Ten best!: Whistleblower Moments
ten best! randomly compiled by Brian Clarey Whistleblower Moments
Mark Felt, AKA Deep Throat
W. Mark Felt, the lifetime FBI agent better known as Deep Throat, the man who set Bob Woodward and Carl Bernstein off on their famous Washington Post Watergate investigative story in 1972, passed last week at the age of 95. In tribute to him, we honor the tradition of the whistleblower, those noble malcontents who, be it for justice, revenge or personal gain, ratted out the wrongdoers to a willing, and sometimes complicit, press.
Sgt. Joe Darby
“Whistleblowers are usually ordinary people, often longstanding employees and experts in their field, who take huge professional and personal risks to blow the whistle on corporate and governmental wrongdoing,” according to www.sourcewatch.org. This was certainly the case with Sgt. Joe Darby, who in 2004 turned over a CD of photographs documenting abuse of prisoners at Abu Ghraib, Saddam Hussein’s torture-drome in Iraq which was taken over by the US Army after the 2003 invasion. Darby’s name was disclosed by Secretary of Defense Donald Rumsfeld in an open Senate hearing. In a subsequent “60 Minutes” interview, Darby said he and his wife were shunned by neighbors in their Baltimore home and now live in protective military custody.
Andrew and Mark Madoff
Talk about being close to the case — Andrew and Mark Madoff were the ones who turned in their father, Bernie Madoff, after he revealed to them that his investment firm was “a giant Ponzi scheme.” The extent of the frauds is estimated at $50 billion, and among its victims are Steven Spielberg’s charity, the Wundserkinder Foundation; banks in Spain, Austria, Switzerland, France and the UK; dozens of hedge funds; and perhaps thousands of individuals.
Daniel Ellsberg, a military analyst, was asked to contribute to a government study titled “United States–Vietnam Relations, 1945–1967: A Study Prepared by the Department of Defense” in 1967, a classified, top-secret document that detailed our involvement in the Southeast Asian country. Ellsberg leaked the document, which came to be known as the Pentagon Papers, to The New York Times in 1971. Afterwards, President Nixon accused the Times of treason and obtained a court injunction to prevent publication. But later that year, the Supreme Court declared the injunction unconstitutional under the First Amendment.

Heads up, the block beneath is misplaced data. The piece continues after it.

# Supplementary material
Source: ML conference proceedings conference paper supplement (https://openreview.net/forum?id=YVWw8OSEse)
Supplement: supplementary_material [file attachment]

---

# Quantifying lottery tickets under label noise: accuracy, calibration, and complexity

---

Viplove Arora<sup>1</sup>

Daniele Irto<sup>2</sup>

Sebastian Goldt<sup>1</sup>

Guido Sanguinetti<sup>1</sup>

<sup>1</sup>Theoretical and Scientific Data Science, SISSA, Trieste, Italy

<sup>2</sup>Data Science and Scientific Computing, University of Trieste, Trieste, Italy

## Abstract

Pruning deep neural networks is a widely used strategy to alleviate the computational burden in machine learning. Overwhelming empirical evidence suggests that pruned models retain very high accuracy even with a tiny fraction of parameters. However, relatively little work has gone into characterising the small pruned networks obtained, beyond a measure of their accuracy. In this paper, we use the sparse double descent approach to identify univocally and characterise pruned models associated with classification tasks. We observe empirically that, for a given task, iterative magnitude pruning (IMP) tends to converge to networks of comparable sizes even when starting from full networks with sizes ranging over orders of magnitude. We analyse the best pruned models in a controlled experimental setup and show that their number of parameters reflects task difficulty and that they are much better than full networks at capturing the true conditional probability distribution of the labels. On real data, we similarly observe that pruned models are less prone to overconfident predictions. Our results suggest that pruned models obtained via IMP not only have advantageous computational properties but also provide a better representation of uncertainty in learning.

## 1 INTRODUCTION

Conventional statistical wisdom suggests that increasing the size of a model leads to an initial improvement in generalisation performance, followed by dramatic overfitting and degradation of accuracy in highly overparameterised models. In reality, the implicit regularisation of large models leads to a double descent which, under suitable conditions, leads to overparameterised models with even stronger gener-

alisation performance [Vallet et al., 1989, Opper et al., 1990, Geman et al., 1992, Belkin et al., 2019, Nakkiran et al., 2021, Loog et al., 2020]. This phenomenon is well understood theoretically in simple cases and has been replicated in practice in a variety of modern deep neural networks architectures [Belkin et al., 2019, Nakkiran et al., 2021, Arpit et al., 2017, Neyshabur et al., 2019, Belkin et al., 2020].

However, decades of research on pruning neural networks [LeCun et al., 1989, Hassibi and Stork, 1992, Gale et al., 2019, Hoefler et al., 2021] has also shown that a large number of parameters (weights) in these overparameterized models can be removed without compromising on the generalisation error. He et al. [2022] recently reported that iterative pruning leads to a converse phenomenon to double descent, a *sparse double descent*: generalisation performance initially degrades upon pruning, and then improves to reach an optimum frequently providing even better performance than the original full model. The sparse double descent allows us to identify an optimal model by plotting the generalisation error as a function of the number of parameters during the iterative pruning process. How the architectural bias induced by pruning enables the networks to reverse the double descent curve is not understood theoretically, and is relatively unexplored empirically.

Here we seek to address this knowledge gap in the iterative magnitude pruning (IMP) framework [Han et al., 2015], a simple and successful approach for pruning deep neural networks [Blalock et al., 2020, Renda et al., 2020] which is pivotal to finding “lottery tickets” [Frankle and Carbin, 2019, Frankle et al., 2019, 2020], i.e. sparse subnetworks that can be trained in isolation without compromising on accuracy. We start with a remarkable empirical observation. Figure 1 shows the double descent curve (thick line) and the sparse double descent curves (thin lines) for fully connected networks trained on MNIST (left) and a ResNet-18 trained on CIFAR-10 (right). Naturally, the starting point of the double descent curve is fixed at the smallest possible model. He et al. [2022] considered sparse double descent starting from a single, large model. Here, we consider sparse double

Peter Buxtun was working for the US Public Health Service in San Francisco. It was there he learned through co-workers about the Tuskegee Experiment, in which 399 African- American sharecroppers, all of whom were infected with syphilis, were left untreated so doctors could study the progression of the disease. The study, which began in 1932, ended just after Buxtun blew the whistle in 1972 to the Washington Star.
Yeah, Al Pacino was pretty good in the 1973 film Serpico, chronicling the adventures of the very first police officer ever to testify against his department for corruption. But the real Frank Serpico was way badder than anything that can be captured on film. The Brooklyn-born detective joined the NYPD on Sept. 11, 1959 and worked plainclothes detail during some of the roughest years New York City has ever known. After the police department tried to bury his accusations, he went to The New York Times in 1970. Ten months later he was shot in the face during a drug bust; many believe it was a set-up, including Serpico himself who lives in upstate New York and lectures on police corruption and brutality.
Sherron Watkins was vice president of corporate affairs at Enron in 2001 when she blew the whistle on the corporation for financial chicanery… though, as it turns out, somewhat inadvertently. Watkins authored a memo in 2001 to CEO Kenneth Lay pointing out that there were… issues… in the company’s financials and warning that it would make good fodder for whistleblowers. When the memo became public five months later, Watkins was subpoenaed by Congress and the Senate and testified against her former employer.
Things got kind of crazy, national-security wise, after the attacks of 9-11. Among the Patriot Act goodies imposed upon the American people was a surveillance cell set up by the National Security Agency in San Francisco. It was used, basically, to spy on American citizens without the benefit of probable cause. Mark Klein described the facility and its activities in a document, first reported in — you guessed it — The New York Times in May 2006.
Hollywood loves a whistleblower, especially when the whistleblower in question is a comely and fiery woman who dies under mysterious circumstances. Karen Silkwood, played in the 1983 film by Meryl Streep, helped the Oil, Chemical & Atomic Workers Union strike for better conditions in an Oklahoma nuclear plant, and then uncovered many health hazards there, to which she testified in front of the Atomic Energy Commission in 1974. Over the next three days, her body became dangerously, inexplicably contaminated with plutonium. One week later she died in a suspicious automobile accident en route to a meeting with reporters from… wait for it… The New York Times.
Jeffery Wigand worked in R&D at Brown and Williamson tobacco company in Louisville, Ky. before he flipped, going public on “60 Minutes” with the knowledge that big tobacco companies were manipulating nicotine levels in their cigarettes to foster addiction. He got his Hollywood moment in 1999 in The Insider, played by Russell Crowe.